is reprinted from the Fraunhofer
MPEG Audio Layer-3
In 1987, the Fraunhofer IIS-A started
to work on perceptual audio coding in the framework of the EUREKA project
EU147, Digital Audio Broadcasting (DAB). In a joint cooperation with the
University of Erlangen (Prof. Dieter Seitzer), the Fraunhofer IIS-A finally
devised a very powerful algorithm that is standardized as ISO-MPEG Audio
Layer-3 (IS 11172-3 and IS 13818-3).
Without data reduction, digital audio signals typically consist
of 16 bit samples recorded at a sampling rate more than twice the actual
audio bandwidth (e.g. 44.1 kHz for Compact Disks). So you end up with
more than 1.400 Mbit to represent just one second of stereo
music in CD quality. By using MPEG audio coding, you may shrink down
the original sound data from a CD by a factor of 12, without losing sound
quality. Factors of 24 and even more still maintain a sound quality that
is significantly better than what you get by just reducing the sampling
rate and the resolution of your samples. Basically, this is realized by
perceptual coding techniques addressing the perception of sound
waves by the human ear.
Using MPEG audio, one may achieve a typical data reduction of
||by Layer 1 (corresponds
with 384 kbps for a stereo signal),
||by Layer 2 (corresponds
with 256..192 kbps for a stereo signal),
||by Layer 3 (corresponds
with 128..112 kbps for a stereo signal),
still maintaining the original CD sound quality.
By exploiting stereo effects and by limiting the audio bandwidth, the coding
schemes may achieve an acceptable sound quality at even lower bitrates.
MPEG Layer-3 is the most powerful member of the MPEG audio coding family.
For a given sound quality level, it requires the lowest bitrate - or for
a given bitrate, it achieves the highest sound quality.
Some typical performance data of MPEG
||8 kbps *
|better than short-wave
|better than AM radio
|similar to FM radio
|*) Fraunhofer uses a
non-ISO extension of MPEG Layer-3 for enhanced performance ("MPEG
In all international listening tests,
MPEG Layer-3 impressively proved its superior performance, maintaining
the original sound quality at a data reduction of 1:12 (around 64 kbit/s
per audio channel). If applications may tolerate a limited bandwidth of
around 10 kHz, a reasonable sound quality for stereo signals can be achieved
even at a reduction of 1:24.
For the use of low bit-rate audio coding schemes in broadcast applications
at bitrates of 60 kbit/s per audio channel, the ITU-R recommends MPEG
Layer-3. (ITU-R doc. BS.1115)
The filter bank used in MPEG Layer-3 is a hybrid filter bank which consists
of a polyphase filter bank and a Modified Discrete Cosine Transform (MDCT).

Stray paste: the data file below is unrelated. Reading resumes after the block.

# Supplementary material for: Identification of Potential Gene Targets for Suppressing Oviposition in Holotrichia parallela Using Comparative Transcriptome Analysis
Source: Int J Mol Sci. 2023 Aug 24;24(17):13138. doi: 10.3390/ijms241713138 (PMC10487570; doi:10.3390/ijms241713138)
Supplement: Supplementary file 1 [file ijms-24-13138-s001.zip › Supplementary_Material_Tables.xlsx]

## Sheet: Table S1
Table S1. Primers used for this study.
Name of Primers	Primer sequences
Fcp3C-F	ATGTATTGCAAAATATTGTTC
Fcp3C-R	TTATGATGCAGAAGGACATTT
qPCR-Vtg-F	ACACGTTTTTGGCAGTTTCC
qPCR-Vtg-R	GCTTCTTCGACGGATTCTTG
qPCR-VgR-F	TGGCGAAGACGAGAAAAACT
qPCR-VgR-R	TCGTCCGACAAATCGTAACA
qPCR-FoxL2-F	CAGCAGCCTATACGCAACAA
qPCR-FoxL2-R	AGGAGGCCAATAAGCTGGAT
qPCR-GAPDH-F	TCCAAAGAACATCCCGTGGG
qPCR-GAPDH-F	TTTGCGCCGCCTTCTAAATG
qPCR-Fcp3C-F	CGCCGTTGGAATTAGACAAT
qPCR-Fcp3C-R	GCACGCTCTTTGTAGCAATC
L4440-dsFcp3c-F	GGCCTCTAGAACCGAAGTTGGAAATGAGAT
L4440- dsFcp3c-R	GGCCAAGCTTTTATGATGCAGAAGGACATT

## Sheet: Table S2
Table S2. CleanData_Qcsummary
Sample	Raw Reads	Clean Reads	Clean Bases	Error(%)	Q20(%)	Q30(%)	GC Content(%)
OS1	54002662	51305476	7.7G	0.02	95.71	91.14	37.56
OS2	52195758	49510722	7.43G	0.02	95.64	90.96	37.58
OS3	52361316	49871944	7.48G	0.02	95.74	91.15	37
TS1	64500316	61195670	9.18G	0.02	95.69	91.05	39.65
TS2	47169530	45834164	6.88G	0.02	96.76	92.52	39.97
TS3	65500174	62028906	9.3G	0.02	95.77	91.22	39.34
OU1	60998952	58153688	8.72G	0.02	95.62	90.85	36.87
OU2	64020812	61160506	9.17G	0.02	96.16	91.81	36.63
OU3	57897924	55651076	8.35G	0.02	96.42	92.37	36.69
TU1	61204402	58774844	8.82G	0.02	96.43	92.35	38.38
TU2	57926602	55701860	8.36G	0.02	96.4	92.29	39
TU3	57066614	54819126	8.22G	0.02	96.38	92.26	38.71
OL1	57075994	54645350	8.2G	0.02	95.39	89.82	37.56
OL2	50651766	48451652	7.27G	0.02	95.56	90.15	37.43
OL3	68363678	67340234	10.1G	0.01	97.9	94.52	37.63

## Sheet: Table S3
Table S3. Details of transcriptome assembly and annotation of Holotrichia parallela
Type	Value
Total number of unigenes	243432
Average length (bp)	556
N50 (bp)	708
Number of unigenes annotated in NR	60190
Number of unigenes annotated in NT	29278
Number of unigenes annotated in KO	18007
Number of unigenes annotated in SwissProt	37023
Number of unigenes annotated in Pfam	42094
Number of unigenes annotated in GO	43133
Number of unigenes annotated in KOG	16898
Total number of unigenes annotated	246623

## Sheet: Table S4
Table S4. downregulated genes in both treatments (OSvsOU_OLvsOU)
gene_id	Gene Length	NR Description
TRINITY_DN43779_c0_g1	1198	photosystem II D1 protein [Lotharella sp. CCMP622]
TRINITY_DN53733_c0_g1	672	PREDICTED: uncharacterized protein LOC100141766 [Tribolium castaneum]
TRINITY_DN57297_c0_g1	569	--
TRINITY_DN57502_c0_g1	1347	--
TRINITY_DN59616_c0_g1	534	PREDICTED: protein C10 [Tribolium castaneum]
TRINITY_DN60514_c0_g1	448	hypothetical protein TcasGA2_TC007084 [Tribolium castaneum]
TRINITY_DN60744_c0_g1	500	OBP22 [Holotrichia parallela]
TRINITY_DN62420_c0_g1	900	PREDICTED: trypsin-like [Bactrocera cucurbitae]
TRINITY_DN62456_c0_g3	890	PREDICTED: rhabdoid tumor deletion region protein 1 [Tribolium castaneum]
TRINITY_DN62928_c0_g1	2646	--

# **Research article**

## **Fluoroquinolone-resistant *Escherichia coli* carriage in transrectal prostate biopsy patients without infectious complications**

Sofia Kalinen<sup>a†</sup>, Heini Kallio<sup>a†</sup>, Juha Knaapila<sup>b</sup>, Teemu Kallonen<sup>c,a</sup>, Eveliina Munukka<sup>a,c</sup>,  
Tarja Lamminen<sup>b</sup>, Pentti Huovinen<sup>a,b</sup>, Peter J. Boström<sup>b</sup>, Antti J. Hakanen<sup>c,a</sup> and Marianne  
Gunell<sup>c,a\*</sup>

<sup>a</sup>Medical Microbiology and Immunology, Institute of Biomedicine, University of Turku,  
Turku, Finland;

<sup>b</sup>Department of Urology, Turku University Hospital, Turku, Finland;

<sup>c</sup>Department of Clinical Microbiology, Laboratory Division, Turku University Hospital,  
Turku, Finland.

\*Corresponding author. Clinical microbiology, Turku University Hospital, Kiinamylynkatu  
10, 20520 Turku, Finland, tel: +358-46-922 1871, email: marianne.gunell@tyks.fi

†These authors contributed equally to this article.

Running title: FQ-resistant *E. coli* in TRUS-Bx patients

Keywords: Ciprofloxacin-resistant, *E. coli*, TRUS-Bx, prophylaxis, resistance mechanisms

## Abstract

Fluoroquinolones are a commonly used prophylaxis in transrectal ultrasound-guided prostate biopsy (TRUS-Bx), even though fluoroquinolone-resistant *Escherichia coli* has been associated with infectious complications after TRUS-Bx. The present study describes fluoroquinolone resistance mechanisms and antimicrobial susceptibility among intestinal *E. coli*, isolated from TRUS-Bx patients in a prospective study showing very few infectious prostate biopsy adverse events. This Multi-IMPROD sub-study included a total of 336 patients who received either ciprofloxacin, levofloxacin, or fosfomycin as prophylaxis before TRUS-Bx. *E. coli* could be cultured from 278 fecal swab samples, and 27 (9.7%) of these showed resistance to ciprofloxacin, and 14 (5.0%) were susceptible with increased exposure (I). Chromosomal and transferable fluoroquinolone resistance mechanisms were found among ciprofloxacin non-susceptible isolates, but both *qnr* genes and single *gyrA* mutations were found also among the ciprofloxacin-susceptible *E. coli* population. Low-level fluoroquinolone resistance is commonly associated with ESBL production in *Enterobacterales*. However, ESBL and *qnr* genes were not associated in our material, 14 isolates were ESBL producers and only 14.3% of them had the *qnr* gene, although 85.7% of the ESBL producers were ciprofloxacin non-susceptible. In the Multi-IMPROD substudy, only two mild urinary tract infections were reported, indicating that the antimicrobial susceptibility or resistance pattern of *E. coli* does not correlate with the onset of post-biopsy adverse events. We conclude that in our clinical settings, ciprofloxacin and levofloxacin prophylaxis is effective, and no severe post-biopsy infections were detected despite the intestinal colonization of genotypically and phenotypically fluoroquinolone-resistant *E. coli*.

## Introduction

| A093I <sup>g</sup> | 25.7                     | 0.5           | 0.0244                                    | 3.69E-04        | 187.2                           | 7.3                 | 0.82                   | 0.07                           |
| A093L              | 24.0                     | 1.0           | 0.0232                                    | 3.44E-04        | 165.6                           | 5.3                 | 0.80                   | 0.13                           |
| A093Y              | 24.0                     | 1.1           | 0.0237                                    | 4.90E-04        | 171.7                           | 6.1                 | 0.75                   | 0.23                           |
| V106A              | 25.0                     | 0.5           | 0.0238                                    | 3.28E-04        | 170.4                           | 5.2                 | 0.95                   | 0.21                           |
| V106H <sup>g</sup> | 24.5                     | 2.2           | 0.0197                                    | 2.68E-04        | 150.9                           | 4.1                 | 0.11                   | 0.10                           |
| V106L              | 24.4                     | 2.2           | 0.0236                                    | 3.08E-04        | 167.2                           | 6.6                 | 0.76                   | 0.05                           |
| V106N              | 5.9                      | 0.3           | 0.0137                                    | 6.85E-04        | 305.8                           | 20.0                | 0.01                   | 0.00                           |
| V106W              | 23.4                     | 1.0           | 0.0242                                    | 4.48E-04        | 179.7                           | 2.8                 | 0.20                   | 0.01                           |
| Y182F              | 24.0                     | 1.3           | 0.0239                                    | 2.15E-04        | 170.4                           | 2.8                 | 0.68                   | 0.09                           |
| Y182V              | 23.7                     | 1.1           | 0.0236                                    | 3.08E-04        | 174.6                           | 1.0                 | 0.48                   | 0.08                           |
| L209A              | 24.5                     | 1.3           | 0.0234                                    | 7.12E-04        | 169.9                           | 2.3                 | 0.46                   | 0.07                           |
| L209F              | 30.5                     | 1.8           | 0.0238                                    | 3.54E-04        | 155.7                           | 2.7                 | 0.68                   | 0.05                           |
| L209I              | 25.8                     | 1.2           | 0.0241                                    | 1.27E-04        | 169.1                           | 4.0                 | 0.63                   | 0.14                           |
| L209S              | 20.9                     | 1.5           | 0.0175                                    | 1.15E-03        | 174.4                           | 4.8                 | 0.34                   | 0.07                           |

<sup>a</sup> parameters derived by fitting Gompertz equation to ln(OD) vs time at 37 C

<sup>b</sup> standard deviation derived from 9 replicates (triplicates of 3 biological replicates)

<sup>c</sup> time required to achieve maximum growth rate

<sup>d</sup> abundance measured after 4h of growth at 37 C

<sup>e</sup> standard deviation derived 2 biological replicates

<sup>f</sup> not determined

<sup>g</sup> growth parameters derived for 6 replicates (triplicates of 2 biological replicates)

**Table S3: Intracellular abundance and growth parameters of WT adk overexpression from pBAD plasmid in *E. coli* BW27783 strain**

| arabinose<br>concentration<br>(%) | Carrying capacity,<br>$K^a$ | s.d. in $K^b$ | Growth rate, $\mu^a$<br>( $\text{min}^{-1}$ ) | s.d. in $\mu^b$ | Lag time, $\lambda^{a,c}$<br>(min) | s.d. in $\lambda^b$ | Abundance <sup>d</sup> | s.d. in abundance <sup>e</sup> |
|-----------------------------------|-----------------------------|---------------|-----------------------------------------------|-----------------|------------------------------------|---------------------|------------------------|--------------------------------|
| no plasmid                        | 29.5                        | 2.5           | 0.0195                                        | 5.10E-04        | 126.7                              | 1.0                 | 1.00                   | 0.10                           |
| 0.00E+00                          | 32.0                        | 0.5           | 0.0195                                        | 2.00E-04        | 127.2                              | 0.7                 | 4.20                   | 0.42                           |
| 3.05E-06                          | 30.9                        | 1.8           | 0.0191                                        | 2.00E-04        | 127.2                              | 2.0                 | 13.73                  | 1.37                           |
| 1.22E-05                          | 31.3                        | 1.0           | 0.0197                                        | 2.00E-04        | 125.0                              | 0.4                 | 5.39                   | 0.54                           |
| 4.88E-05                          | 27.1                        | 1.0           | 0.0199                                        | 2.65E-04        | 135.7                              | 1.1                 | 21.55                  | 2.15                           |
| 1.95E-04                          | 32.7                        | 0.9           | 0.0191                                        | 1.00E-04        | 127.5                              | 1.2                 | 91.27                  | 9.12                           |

This hybrid form was chosen for reasons of compatibility to its predecessors,
Layer-1 and Layer-2.
The perceptual model is mainly determining the quality of a given encoder
implementation. It uses either a separate filter bank or combines the
calculation of energy values (for the masking calculations) and the main
filter bank. The output of the perceptual model consists of values for
the masking threshold or the allowed noise for each coder partition. If
the quantization noise can be kept below the masking threshold, then the
compression results should be indistinguishable from the original signal.
Joint stereo coding takes advantage of the fact that both channels of
a stereo channel pair contain far the same information. These stereophonic
irrelevancies and redundancies are exploited to reduce the total bitrate.
Joint stereo is used in cases where only low bitrates are available but
stereo signals are desired.
Quantization and Coding
A system of two nested iteration loops is the common solution for quantization
and coding in a Layer-3 encoder.
Quantization is done via a power-law quantizer. In this way, larger values
are automatically coded with less accuracy and some noise shaping is already
built into the quantization process.
The quantized values are coded by Huffman coding. As a specific method
for entropy coding, hufman coding is lossless. Thus is called noiseless
coding because no noise is added to the audio signal.
The process to find the optimum gain and scalefactors for a given block,
bit-rate and output from the perceptual model is usually done by two nested
iteration loops in an analysis-by-synthesis way:
- Inner iteration loop (rate loop)
The Huffman code tables assign shorter code words to (more frequent)
smaller quantized values. If the number of bits resulting from the coding
operation exceeds the number of bits available to code a given block
of data, this can be corrected by adjusting the global gain to result
in a larger quantization step size, leading to smaller quantized values.
This operation is repeated with different quantization step sizes until
the resulting bit demand for Huffman coding is small enough. The loop
is called rate loop because it modifies the overall coder rate until
it is small enough.
- Outer iteration loop (noise control/distortion
To shape the quantization noise according to the masking threshold,
scalefactors are applied to each scalefactor band. The systems starts
with a default factor of 1.0 for each band. If the quantization noise
in a given band is found to exceed the masking threshold (allowed noise)
as supplied by the perceptual model, the scalefactor for this band is
adjusted to reduce the quantization noise. Since achieving a smaller
quantization noise requires a larger number of quantization steps and
thus a higher bitrate, the rate adjustment loop has to be repeated every
time new scalefactors are used. In other words, the rate loop is nested
within the noise control loop. The outer (noise control) loop is executed
until the actual noise (computed from the difference of the original
spectral values minus the quantized spectral values) is below the masking
threshold for every scalefactor band (i.e. critical band).